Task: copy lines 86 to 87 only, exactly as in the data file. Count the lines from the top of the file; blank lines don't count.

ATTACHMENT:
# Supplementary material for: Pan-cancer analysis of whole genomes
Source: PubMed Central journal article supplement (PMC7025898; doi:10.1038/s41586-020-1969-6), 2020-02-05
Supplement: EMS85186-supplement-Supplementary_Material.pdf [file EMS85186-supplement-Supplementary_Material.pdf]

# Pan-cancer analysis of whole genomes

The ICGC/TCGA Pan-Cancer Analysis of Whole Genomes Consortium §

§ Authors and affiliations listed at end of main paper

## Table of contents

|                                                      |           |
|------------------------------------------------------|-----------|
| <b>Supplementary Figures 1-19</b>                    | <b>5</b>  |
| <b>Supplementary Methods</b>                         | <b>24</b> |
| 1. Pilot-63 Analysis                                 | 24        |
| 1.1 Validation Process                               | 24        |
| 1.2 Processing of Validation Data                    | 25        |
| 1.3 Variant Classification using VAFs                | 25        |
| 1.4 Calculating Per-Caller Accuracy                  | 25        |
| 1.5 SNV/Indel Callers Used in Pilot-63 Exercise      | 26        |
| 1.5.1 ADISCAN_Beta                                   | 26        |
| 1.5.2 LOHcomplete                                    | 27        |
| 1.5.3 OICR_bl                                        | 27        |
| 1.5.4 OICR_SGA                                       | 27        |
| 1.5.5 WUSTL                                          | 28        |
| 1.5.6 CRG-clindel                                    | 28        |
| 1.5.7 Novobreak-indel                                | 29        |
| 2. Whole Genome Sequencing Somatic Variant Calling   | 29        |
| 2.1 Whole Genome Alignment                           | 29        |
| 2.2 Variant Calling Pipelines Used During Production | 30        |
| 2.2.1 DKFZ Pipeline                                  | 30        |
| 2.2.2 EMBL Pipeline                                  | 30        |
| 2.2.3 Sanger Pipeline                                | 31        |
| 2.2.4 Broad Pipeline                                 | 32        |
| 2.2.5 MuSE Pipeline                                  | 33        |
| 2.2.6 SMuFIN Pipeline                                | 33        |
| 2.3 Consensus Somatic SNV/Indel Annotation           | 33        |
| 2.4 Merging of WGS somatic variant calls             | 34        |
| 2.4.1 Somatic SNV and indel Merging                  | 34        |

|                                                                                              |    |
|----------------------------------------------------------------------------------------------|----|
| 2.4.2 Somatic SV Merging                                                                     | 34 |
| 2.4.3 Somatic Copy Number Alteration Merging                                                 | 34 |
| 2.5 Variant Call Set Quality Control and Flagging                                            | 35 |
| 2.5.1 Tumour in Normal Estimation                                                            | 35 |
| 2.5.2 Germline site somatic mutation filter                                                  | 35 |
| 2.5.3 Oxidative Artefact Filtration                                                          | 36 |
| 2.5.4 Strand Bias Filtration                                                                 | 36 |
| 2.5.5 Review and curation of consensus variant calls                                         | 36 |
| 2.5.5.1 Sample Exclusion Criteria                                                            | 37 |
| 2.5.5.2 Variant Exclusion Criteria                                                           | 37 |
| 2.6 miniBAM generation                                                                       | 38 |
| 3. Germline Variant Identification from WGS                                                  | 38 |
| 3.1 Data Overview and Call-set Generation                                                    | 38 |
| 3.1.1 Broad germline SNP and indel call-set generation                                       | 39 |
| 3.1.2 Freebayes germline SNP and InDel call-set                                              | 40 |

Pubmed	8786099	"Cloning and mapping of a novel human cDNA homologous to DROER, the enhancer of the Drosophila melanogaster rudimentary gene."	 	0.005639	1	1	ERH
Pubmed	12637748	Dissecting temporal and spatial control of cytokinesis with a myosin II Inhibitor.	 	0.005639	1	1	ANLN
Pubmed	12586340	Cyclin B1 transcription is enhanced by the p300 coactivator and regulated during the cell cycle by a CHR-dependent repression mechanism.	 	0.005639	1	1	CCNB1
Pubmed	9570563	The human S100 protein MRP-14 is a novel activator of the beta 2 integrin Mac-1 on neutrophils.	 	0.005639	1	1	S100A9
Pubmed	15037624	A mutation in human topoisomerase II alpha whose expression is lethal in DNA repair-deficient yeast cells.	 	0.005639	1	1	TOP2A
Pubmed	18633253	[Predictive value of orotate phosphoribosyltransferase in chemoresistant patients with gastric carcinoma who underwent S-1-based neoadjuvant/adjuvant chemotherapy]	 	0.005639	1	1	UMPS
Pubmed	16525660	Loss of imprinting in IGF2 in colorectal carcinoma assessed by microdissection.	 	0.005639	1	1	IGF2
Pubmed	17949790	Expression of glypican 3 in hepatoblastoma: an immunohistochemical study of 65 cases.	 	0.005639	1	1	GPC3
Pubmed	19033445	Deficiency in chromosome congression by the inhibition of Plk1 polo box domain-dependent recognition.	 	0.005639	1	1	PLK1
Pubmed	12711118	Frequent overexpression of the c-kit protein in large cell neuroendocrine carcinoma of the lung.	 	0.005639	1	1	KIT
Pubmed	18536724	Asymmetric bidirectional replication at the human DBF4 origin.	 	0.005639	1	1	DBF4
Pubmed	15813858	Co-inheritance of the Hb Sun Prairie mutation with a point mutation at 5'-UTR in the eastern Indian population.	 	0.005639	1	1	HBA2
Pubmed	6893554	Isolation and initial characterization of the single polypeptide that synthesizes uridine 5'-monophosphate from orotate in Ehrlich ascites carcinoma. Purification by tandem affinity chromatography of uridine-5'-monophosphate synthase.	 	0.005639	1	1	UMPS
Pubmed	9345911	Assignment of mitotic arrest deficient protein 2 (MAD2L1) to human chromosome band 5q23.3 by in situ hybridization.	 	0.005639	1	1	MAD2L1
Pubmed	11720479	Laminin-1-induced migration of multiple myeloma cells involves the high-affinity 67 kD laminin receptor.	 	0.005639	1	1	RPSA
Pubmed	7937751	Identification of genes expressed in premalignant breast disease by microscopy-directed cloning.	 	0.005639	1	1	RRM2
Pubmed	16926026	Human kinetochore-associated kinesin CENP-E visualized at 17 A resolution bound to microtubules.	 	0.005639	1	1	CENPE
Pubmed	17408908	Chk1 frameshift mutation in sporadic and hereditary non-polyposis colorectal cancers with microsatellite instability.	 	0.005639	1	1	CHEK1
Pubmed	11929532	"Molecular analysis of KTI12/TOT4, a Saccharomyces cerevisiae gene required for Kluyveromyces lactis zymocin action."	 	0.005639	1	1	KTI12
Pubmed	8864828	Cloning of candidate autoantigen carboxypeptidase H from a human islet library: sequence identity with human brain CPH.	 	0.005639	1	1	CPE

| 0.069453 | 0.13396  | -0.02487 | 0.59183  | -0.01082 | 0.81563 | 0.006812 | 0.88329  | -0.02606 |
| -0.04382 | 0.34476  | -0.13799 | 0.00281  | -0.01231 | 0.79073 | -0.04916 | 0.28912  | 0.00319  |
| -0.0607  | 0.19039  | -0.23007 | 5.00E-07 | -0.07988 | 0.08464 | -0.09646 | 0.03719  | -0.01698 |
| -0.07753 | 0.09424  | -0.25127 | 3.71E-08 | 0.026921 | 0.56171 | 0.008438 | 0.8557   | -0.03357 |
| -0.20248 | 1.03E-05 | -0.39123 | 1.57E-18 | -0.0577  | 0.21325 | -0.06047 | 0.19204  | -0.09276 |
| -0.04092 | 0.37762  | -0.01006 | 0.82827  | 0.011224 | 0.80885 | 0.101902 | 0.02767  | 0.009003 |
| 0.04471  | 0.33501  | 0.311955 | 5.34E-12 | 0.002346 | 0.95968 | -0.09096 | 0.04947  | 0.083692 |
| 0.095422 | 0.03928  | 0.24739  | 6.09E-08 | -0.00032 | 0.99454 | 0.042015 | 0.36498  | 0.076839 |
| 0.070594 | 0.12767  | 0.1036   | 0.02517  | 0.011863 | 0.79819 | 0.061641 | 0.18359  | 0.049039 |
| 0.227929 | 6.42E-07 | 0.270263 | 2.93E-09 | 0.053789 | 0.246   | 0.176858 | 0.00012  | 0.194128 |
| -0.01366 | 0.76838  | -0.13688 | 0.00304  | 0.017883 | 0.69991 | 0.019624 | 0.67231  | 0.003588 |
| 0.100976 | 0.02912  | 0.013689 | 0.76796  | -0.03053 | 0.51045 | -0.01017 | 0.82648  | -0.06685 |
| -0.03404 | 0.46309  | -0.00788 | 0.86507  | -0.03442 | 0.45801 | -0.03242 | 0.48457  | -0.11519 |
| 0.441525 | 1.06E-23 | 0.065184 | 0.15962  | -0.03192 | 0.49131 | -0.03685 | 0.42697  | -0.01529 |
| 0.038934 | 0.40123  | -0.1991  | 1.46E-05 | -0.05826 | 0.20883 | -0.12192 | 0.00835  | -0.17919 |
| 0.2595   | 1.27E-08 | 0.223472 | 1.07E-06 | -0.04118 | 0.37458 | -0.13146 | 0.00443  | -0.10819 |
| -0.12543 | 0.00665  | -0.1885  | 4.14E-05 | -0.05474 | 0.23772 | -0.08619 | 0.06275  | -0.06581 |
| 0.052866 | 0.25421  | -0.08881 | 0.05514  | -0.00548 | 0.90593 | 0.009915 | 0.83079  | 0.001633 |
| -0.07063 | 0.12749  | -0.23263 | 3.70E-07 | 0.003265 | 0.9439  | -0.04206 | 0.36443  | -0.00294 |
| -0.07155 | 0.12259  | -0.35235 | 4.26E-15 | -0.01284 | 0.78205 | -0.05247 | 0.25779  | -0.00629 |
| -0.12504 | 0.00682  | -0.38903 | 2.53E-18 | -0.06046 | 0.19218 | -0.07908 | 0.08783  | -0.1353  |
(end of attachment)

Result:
| -0.03404 | 0.46309  | -0.00788 | 0.86507  | -0.03442 | 0.45801 | -0.03242 | 0.48457  | -0.11519 |
| 0.441525 | 1.06E-23 | 0.065184 | 0.15962  | -0.03192 | 0.49131 | -0.03685 | 0.42697  | -0.01529 |